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The problem is, only some of the games are linked by the Play Store. Particularly some Gameloft apps, which can be among the more expensive titles on Android, are actually purchased via the company's own site. You download the APKs directly and only when you install via this method will the controller work. To test this, I acquired Dungeon Hunter 3 from Google's market. The MOGA wouldn't respond at all.

Apparently the controller only works if the game you want to play was purchased or installed via whatever method Pivot chooses. If it links to the Play Store entry, then your previous install should work just fine. The titles that are acquired via independent distribution will need to be repurchased and, obviously, won't be tied to your Google account.

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This is a very big usability problem. If you've already bought certain titles from the Play Store, you can't use this accessory without buying them again. If you haven't already got them, then you can spend the money, but they might not be tied to your Google account. Lose the APK and you're on your own.

For what it's worth, the controller comes with two free titles. Pac-man, which normally costs $4 in the Pivot app as of this writing, and a code for a copy of Sonic CD. Both are in MOGA's faux storefront and both are great classics. Unfortunately, they're not $50 worth of fun. Beyond those, the selection is extremely meager. There are a mere 21 apps in the supported list, two of which are the aforementioned gratis games, three more are free versions of other paid entries, and only 6 others are just plain free. While you have at least a few options, you could still sink a lot of money into a very isolated and sparsely populated ecosystem.

Here is the full list of titles available at the time of writing:

  • Asphalt 7: Heat
  • Doom GLES
  • Dungeon Hunter 3
  • Final Freeway 2R
  • Galaxy NGC3D HD
  • Gangstar Rio: City of Saints
  • GnarBike Trials
  • GnarBike Trials Pro
  • N.O.V.A. 3
  • Real Soccer 2013
  • Riptide GP
  • Rocket Fox
  • Six-Guns
  • Sky Gamblers
  • Sonic The Hedgehog 4 - Episode II
  • Stealth Chopper 3D
  • Stealth Chopper Demo
  • The Dark Knight Rises
  • Virtua Tennis Challenge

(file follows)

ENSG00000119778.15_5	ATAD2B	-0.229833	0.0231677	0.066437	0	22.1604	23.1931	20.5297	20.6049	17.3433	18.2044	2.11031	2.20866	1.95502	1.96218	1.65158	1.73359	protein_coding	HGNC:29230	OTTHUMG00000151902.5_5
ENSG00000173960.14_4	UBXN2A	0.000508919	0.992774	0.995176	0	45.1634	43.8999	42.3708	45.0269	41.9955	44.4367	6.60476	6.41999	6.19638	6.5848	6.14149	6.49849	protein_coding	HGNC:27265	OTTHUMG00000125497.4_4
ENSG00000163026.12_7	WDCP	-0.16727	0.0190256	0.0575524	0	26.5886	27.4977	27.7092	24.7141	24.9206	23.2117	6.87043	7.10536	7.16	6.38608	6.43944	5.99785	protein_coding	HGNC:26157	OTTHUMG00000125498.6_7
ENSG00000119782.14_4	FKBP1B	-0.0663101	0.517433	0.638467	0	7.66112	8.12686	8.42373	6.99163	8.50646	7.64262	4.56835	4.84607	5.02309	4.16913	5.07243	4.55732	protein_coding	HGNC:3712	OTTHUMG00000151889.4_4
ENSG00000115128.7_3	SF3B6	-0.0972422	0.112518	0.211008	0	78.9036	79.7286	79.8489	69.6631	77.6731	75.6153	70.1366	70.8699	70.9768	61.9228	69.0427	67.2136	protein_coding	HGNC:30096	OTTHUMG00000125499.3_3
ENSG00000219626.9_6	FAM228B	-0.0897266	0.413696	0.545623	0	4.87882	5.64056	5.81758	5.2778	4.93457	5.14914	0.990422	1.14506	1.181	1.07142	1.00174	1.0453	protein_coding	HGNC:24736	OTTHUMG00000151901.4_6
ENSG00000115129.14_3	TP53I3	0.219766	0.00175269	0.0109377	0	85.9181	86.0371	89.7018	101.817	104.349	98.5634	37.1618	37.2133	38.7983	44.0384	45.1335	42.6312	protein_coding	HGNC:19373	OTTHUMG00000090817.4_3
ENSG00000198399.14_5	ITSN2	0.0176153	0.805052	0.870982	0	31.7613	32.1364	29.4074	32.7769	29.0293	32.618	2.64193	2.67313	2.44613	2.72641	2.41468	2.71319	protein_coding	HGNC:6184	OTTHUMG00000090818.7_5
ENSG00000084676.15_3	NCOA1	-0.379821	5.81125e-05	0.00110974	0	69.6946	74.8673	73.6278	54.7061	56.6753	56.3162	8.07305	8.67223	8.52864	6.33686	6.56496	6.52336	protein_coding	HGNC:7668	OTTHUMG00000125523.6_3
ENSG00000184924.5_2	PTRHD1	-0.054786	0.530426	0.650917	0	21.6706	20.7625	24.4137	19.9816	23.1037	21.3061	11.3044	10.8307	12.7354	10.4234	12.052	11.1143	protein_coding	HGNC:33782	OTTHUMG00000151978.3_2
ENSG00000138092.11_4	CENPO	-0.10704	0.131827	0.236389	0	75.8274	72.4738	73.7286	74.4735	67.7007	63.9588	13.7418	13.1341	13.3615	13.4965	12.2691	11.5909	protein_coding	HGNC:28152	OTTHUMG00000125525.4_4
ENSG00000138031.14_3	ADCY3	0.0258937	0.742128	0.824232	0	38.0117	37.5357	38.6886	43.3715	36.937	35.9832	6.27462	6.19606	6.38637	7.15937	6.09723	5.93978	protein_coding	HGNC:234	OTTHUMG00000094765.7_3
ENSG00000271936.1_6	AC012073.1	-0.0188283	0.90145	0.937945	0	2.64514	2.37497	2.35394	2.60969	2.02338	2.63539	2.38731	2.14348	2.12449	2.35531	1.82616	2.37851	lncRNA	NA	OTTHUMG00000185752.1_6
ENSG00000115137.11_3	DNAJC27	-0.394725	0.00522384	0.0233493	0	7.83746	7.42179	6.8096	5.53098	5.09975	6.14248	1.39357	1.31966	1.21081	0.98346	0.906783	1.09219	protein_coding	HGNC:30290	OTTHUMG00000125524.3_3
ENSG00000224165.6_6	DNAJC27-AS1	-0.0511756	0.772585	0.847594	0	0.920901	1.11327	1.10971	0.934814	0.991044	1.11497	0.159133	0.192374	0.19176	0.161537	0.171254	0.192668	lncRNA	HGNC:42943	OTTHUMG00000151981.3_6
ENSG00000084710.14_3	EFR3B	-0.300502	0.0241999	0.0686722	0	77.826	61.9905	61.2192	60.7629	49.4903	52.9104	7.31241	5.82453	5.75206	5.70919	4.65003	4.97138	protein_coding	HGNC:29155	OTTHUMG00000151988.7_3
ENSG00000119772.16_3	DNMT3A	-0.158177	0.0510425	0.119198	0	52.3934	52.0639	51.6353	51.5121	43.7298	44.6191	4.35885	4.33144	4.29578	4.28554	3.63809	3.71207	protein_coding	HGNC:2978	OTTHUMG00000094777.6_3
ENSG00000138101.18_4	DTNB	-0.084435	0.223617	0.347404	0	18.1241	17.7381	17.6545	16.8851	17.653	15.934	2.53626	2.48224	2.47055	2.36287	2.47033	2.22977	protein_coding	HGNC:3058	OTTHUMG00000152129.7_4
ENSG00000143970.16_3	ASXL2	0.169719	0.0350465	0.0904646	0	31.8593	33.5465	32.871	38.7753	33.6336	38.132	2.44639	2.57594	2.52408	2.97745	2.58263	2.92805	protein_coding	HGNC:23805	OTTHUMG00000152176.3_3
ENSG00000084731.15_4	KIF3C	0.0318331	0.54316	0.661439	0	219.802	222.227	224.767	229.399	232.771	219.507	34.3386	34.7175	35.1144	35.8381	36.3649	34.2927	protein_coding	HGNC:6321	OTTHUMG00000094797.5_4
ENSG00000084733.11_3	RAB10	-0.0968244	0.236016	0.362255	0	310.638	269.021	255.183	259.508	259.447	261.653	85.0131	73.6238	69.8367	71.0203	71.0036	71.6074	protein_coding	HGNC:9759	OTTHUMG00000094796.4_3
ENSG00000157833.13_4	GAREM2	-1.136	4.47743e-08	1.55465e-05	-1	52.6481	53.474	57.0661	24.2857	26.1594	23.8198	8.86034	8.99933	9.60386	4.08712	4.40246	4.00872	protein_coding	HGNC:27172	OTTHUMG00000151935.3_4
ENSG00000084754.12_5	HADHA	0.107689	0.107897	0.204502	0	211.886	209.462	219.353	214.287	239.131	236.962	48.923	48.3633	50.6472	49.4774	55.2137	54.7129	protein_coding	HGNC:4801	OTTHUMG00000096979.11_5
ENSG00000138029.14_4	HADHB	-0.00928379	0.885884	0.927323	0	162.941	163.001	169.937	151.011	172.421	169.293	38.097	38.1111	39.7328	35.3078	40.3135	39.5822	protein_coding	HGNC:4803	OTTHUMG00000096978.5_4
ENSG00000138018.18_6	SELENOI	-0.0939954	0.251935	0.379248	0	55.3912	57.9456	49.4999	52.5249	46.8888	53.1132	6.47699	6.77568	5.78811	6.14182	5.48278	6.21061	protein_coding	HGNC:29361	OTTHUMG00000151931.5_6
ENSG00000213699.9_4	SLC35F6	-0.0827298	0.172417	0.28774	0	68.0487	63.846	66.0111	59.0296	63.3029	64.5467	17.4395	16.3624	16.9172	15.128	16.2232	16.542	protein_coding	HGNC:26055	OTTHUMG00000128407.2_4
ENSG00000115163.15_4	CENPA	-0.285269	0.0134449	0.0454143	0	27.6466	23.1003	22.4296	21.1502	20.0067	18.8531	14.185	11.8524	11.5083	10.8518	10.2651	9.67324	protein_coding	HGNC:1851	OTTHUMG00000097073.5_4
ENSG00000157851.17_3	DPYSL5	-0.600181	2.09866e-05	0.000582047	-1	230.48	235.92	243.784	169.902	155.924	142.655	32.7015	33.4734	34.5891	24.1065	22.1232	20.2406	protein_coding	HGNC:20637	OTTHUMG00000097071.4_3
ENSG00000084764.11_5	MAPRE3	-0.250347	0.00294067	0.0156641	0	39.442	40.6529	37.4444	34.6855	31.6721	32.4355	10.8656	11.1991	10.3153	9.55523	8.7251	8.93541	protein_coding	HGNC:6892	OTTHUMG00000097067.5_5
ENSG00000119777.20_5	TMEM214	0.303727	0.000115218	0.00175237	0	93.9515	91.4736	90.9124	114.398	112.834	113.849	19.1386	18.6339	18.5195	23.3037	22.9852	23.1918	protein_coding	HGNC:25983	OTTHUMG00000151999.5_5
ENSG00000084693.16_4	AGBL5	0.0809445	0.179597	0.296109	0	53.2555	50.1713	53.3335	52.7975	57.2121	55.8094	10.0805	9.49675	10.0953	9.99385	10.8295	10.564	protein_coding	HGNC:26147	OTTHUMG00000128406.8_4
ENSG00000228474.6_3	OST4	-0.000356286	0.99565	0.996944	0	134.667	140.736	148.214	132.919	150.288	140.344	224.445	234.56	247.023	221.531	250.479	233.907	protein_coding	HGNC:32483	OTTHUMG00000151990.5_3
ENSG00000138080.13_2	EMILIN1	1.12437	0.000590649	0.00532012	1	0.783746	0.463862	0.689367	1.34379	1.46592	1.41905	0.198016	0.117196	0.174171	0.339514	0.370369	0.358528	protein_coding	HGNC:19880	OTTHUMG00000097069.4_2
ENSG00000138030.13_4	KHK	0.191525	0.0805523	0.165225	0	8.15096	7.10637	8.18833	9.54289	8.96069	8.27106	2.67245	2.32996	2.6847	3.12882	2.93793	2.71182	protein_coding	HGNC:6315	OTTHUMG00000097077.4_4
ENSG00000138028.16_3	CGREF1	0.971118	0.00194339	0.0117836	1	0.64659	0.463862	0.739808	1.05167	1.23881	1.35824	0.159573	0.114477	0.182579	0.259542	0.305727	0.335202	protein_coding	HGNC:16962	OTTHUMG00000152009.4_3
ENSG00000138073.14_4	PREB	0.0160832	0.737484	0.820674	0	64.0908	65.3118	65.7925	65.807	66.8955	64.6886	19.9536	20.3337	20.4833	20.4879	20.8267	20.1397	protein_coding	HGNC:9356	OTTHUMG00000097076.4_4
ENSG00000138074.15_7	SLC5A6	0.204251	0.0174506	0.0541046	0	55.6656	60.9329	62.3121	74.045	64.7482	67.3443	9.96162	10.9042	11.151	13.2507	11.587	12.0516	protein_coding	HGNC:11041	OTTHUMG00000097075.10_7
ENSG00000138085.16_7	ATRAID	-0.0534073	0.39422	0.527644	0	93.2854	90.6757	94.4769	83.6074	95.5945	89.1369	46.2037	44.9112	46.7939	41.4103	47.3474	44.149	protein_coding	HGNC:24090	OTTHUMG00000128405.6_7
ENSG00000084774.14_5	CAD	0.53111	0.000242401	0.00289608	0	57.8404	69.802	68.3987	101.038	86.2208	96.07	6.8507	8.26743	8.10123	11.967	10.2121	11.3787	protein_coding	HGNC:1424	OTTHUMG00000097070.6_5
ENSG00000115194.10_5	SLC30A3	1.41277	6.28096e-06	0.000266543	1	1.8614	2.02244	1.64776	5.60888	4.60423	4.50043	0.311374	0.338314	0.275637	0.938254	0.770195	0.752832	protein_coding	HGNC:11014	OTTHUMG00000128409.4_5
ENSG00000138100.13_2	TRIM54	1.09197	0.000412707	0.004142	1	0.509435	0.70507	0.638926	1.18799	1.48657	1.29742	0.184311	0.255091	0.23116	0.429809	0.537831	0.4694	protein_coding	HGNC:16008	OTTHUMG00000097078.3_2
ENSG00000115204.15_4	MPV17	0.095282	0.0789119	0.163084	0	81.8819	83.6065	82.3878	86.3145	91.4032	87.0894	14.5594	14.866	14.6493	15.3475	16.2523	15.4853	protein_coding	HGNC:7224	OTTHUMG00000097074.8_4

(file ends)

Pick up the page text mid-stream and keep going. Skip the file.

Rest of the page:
• Virtua Tennis Challenge Free


Once you've decided how to get your games, the experience is actually pretty great. Controls are very responsive. There was virtually zero lag at all, even while playing games like Sonic CD, which generally rely on fast reactions. Once you're playing, the connection between the controller and the phone is steady. Head to the homescreen, though, and the connection will be broken soon, and it's a bit of a pain to get back into the app.

As I mentioned earlier, the size of the controller is substantially nicer than many others like it, however for some reason, the MOGA is still a bit tinier than is comfortable, and I don't have above average-sized hands. Perhaps this might be more comfortable for a kid, however as far back as the NES, gamepads have been designed that fit both adult and children's hands. The reason for why these things keep getting manufactured a bit smaller than is comfortable is a mystery. All that being said, fat fingers should be wary.


As Android gaming accessories go, this is still one of the best I've used. It's small, but not cripplingly so, the hardware is solidly built, and it's designed to actually hold your phone, solving the awkward usability problem of most Bluetooth controllers. However, the software really makes it difficult to love. Personally, I'm very uncomfortable buying games via developers' websites and losing the ability to sync with my Google account. Even if that's not a concern for you, though, the positively abysmal selection of games makes spending $50 on buttons a questionable choice.

The upside is, MOGA at least seems to be well-connected (pun cruelly intended). You don't get official support from titles Pac-Man or Sonic without having at least some weight behind your product. However, I'd still at least like to see all games you've previously purchased from the Play Store be compatible, not just the ones that the Pivot app doesn't distribute directly via publishers.

It's hard to give a glowing recommendation to this controller, but if you really want to do some gaming with buttons, and Pac-Man, Sonic CD, and Gameloft get you excited, then the experience will be well worth your money. If you just want to buy a gamepad and see what's available, you might want to hold off. Hopefully MOGA will fix some of the bugginess of the app, and improve compatibility with games you've already purchased. Until then, though, be sure that the selection of titles is worth it up front.